November 21, 2013
In some alternate universe singer/songwriter/writer J. Hubner is a mid-level improvisational jazz musician who lives in outer Queens and makes ends meet by running a used book stand in the Lower East Side. He’s a loner and a grump who has a gigantic beard and a cult following and keeps a flask nearby. He stays up all night self-recording album after album, practically giving them away to fans before quickly moving on to his next sound. His nemesis is John Lurie, and his rent is past due. The actual J. Hubner lives in some small Indiana town, has a handful of kids and a wife, works a day job and plays rock music on the weekends. If he has a beard, it’s not very bushy, and if he’s a grump, you wouldn’t know it. He drinks craft beer out of bottles, obsessively collects records and writes about music for several publications, including this one. Similar to Bizarro J. Hubner, Real J. Hubner is constantly recording new music, and he also practically gives that music away before moving onto his next project. By now, if you at least sort of keep up with indie rock outsiders, you’ve probably heard at least one of Hubner’s records. Some of them are released under the moniker sunnydaymassacre, and some of them are released under the moniker goodbyewave. Earlier this year Hubner released a solo album under the name J. Hubner. Now we finally have Cambodia Highball, Hubner’s latest project, started as a way to explore his more experimental side. Cambodia Highball’s debut record, the epic Odd Geometry, is out now, released by J. Hubner himself, DIY style. When asked about the project, Hubner had much to say: “I wanted to makes lots of noise and pretend I was Can, electric Miles, Explosions in the Sky or Klaus Dinger. Over the last several years I had begun to explore experimental and instrumental music as a fan and wanted to explore it as a musician.”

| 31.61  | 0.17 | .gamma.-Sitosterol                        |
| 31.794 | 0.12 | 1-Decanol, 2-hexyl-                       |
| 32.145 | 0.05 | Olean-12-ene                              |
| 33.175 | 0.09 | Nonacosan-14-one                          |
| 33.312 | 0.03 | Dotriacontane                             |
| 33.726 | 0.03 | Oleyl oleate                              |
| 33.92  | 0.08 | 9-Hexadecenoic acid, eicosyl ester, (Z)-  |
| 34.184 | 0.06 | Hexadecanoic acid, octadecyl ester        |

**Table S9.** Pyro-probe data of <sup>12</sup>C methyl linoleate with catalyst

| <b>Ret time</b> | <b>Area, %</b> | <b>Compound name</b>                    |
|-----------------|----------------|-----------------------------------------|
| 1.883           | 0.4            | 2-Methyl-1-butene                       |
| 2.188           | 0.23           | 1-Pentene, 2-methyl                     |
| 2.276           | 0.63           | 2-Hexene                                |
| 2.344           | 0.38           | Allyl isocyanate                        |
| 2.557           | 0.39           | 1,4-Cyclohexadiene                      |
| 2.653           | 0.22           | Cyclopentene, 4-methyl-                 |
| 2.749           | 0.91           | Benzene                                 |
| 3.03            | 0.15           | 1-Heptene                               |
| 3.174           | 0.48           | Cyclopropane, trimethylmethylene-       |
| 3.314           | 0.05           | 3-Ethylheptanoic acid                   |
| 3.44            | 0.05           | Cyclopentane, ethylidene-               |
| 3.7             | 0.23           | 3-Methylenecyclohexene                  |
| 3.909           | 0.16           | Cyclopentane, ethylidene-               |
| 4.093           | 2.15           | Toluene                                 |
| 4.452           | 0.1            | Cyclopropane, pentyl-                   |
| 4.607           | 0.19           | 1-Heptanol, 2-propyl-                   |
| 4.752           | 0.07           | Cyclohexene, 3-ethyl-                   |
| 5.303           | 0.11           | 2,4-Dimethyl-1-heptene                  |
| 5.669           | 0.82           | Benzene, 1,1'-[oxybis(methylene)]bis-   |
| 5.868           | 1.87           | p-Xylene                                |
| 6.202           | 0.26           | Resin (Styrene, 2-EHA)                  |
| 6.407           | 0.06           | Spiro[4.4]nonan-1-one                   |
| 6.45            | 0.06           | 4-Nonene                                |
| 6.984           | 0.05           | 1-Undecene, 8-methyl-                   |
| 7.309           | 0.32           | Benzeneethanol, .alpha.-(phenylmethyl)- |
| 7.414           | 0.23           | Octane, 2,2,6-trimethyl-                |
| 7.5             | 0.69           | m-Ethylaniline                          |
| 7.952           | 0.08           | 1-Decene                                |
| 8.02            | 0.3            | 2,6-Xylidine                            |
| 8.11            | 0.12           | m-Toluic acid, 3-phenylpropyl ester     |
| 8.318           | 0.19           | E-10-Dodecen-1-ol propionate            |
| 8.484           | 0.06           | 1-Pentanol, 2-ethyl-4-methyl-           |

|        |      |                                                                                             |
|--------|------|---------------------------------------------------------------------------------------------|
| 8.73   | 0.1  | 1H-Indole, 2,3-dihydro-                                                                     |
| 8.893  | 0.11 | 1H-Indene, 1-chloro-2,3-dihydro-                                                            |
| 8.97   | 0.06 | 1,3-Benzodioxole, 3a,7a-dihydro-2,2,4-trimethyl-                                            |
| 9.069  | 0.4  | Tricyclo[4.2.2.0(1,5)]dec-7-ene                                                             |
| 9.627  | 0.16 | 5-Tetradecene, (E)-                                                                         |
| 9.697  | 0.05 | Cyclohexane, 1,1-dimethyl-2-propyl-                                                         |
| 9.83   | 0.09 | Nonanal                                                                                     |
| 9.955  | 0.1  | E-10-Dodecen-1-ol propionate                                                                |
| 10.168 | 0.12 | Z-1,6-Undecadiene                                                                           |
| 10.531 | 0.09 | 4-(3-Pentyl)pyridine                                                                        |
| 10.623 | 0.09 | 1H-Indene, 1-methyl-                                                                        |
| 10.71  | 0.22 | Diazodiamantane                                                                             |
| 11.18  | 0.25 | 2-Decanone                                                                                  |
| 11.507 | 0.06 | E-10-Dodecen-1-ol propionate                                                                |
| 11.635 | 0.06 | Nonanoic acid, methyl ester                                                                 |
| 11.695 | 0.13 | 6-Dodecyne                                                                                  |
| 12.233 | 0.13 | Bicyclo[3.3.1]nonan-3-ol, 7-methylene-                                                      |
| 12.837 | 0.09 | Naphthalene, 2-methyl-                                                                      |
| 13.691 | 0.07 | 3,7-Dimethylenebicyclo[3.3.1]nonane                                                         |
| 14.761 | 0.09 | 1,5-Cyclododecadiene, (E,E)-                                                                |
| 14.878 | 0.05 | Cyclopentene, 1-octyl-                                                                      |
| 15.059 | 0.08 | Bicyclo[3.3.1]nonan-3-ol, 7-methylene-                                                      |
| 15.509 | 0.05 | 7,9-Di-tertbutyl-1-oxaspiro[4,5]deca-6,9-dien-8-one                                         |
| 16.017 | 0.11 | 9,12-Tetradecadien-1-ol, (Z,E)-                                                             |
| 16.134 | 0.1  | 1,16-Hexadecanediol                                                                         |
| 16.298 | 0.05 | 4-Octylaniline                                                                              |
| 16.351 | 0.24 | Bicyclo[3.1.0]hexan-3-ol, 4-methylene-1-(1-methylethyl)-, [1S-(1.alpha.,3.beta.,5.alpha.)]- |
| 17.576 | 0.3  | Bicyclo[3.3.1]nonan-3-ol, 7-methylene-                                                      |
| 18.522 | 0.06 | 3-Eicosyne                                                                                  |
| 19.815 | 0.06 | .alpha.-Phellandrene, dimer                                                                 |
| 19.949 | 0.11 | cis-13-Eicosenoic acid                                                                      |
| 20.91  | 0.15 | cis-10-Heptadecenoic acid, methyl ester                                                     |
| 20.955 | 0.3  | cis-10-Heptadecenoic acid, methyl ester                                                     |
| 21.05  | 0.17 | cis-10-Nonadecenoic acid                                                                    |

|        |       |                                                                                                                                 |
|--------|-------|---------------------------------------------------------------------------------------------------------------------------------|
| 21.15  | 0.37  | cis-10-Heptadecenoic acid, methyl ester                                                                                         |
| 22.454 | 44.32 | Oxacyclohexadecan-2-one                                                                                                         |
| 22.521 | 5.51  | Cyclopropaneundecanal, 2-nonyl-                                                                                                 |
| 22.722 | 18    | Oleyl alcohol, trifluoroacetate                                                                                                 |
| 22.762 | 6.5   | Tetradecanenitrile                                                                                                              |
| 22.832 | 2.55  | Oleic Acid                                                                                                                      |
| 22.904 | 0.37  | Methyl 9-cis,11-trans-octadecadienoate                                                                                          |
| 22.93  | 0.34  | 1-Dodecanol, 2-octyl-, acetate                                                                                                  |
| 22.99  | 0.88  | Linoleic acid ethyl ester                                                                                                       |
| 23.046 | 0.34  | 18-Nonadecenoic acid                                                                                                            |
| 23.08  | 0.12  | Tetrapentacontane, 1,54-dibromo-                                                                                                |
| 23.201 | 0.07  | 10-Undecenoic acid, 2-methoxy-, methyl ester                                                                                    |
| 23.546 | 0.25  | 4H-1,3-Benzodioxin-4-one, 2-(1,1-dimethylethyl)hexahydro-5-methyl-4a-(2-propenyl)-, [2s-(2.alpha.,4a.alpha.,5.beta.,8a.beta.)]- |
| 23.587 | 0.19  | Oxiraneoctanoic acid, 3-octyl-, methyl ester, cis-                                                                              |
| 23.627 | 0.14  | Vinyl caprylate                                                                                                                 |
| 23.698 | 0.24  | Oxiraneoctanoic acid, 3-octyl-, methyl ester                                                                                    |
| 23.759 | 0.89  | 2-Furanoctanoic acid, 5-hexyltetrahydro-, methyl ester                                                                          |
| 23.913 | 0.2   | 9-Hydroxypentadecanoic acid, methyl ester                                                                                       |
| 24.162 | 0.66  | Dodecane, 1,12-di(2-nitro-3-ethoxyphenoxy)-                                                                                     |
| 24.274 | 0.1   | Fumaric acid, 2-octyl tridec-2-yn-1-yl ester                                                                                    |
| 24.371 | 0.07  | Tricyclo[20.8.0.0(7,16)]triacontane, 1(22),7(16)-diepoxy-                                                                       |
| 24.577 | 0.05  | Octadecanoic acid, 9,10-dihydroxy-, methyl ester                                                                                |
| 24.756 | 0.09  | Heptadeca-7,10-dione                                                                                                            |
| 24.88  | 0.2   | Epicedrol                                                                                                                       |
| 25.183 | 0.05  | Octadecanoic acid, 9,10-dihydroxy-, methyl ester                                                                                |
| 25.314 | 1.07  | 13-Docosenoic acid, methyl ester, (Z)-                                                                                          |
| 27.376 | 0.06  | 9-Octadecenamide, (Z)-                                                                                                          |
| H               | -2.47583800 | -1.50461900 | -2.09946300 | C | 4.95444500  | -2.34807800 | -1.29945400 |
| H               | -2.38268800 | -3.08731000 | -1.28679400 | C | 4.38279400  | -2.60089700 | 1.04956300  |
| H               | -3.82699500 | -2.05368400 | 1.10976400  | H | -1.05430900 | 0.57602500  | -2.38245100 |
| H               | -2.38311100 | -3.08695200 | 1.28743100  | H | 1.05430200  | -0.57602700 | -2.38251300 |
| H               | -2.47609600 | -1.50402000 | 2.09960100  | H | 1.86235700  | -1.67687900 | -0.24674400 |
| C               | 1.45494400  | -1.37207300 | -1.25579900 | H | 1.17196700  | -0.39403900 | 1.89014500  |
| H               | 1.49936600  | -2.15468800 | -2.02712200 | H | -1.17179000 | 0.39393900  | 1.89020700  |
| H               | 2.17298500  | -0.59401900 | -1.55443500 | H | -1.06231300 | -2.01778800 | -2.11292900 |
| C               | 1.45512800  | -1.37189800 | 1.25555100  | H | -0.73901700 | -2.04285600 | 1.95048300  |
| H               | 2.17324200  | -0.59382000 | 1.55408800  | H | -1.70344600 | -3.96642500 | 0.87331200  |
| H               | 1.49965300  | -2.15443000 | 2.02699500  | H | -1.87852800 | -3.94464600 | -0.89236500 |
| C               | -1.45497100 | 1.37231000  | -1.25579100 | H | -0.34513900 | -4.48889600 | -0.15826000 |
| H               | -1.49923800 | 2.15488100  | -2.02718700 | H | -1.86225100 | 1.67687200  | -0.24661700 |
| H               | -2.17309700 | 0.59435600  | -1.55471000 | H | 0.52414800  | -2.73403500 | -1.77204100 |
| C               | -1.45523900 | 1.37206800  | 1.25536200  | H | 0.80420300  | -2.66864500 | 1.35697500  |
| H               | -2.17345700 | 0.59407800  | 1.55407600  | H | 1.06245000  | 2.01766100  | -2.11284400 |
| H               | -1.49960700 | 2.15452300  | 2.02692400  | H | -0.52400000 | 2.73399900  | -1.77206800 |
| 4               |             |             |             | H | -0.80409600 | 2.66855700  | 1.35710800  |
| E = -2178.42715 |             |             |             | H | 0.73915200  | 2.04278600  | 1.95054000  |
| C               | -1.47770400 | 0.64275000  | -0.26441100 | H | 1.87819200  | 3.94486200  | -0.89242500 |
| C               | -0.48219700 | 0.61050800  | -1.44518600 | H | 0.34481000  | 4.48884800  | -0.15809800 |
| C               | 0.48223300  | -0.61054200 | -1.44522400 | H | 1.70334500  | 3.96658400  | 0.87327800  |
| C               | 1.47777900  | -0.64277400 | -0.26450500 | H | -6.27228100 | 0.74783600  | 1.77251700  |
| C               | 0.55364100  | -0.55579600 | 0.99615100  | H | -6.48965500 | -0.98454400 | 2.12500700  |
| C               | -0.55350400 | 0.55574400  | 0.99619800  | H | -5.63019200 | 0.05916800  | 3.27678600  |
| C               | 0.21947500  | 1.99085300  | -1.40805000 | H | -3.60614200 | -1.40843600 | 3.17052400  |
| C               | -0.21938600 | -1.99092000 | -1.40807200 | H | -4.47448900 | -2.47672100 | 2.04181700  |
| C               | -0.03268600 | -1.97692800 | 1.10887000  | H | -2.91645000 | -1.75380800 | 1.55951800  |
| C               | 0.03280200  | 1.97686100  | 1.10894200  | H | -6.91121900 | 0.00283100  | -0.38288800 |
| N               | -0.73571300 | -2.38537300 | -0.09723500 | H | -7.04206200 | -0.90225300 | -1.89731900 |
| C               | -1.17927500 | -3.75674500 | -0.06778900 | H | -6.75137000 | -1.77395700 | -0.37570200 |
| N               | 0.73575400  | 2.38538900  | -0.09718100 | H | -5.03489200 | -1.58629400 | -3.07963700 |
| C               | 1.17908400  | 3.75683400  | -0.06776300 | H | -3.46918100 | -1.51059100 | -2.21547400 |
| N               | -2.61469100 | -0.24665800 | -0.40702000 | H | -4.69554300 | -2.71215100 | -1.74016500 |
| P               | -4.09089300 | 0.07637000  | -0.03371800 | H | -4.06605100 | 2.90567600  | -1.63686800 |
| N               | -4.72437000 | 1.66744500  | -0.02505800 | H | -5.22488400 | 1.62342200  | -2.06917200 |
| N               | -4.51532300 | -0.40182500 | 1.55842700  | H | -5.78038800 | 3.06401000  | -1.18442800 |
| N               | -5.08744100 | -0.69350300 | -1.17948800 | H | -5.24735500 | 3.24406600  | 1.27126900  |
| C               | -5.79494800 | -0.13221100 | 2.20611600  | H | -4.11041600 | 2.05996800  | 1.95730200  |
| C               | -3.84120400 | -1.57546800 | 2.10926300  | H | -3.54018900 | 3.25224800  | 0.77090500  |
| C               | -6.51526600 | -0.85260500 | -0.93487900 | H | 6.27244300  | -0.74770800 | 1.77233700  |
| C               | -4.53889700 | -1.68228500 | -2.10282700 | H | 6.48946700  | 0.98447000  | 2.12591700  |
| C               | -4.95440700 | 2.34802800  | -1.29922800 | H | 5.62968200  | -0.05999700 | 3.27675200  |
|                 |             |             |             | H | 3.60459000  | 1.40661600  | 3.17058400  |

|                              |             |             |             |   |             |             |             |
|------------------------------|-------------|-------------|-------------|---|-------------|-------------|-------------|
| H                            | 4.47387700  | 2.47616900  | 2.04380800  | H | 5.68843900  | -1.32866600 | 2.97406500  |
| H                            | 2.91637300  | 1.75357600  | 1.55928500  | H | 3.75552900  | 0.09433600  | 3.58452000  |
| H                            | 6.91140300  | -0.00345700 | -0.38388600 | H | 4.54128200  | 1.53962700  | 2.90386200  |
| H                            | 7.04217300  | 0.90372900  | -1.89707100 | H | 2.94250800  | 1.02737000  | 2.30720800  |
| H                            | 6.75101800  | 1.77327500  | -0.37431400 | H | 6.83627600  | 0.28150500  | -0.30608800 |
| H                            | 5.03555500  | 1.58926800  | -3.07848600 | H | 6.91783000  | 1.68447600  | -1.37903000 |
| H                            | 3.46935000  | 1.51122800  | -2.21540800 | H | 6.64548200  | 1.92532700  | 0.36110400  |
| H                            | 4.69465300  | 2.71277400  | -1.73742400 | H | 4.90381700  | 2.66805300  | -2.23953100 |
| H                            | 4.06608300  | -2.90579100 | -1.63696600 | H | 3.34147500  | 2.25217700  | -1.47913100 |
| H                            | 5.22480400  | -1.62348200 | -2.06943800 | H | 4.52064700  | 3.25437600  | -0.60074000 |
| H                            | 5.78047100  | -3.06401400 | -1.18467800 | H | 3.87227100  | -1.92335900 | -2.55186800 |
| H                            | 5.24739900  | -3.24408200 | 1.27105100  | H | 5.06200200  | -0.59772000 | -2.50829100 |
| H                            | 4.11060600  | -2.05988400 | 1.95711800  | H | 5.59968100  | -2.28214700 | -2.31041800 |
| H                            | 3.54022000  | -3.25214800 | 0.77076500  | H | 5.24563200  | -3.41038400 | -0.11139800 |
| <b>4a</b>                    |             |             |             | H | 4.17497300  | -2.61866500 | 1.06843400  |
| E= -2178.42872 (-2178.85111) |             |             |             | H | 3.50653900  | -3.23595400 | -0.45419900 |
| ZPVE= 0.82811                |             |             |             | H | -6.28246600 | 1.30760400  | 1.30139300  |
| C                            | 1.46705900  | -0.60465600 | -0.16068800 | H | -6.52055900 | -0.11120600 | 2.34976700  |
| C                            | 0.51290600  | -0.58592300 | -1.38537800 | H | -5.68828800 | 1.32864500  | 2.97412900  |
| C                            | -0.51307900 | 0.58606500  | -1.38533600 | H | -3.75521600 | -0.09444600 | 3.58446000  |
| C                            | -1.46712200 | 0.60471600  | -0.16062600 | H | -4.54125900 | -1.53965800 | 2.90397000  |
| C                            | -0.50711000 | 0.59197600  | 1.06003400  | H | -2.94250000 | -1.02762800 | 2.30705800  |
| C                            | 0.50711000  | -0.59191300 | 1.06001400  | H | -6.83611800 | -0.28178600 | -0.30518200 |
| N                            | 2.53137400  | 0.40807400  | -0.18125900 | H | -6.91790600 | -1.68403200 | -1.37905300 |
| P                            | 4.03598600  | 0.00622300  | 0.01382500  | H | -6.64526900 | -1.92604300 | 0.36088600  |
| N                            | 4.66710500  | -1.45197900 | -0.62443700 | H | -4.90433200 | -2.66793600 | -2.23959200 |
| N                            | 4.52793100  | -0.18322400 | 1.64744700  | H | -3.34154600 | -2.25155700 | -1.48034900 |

After recording a few Cambodia Highball tracks alone in his basement a few years ago, Hubner lost track of the project. Then, earlier this year, he was approached by one of his oldest friends, Shane Darin Page, about recording some experimental music. The idea was to loosely record some shoegaze-, noise-rock- and art-rock-inspired improvisational jams. The duo decided to get together for three hours at a time on Saturday afternoons and more or less hit a record button and see what happens – one man on the drums and the other on guitar, then switch, adding details later. Start with a simple idea and see where it leads. Hubner would maybe scratch down a few lyrics as Page worked on a baseline. The inspiration, as we can definitely hear around the 10-minute mark of “On Brighter Days (She Sings),” was to tap into the duo’s love for electric Miles Davis albums like In a Silent Way and Bitches Brew.
The result is a four-cut double album that clocks in at about 73-minutes. It’s a mostly instrumental post-rock album that features a very heavy 70s jazz influence. The four tracks are all cut up into movements that transition nicely, adding up to the equivalent of nine or 10 lengthy songs altogether. At times the music is sparse and quietly detailed, and at other times it’s groove-and riff-driven, almost reminding of one of Trey Anastasio’s jazzy side projects. We hear bit’s of Can’s Tago Mago, Loose Fur’s Loose Fur, Sonic Youth’s Murray Street, Miles’ 70s stuff and much more. The record is, as Hubner himself says, “spontaneity incarnate … the total opposite of what I’ve done musically up to this point … recording a 15-minute song based on a half hour field recording of a rain storm and kids playing doesn’t jive well [when making pop songs], but with Cambodia Highball, that sort of thing is encouraged.”
To say that Odd Geometry is my favorite thing Hubner has done to date would be a massive understatement. While I do like his Beatles- and Wilco-inspired pop records just fine, I found myself obsessing over Odd Geometry. Sure, a lot of rock n’ roll guys have tapped into Miles and Can and Faust and Neu!, but not like this. Odd Geometry, to me, sounds like the kind of record Loose Fur would make if they got drunk for a week and finally decided that they didn’t care if they disappointed their fans. It also sounds like a record that a fan of 70s era experimental music would love dearly. That’s quite an accomplishment.
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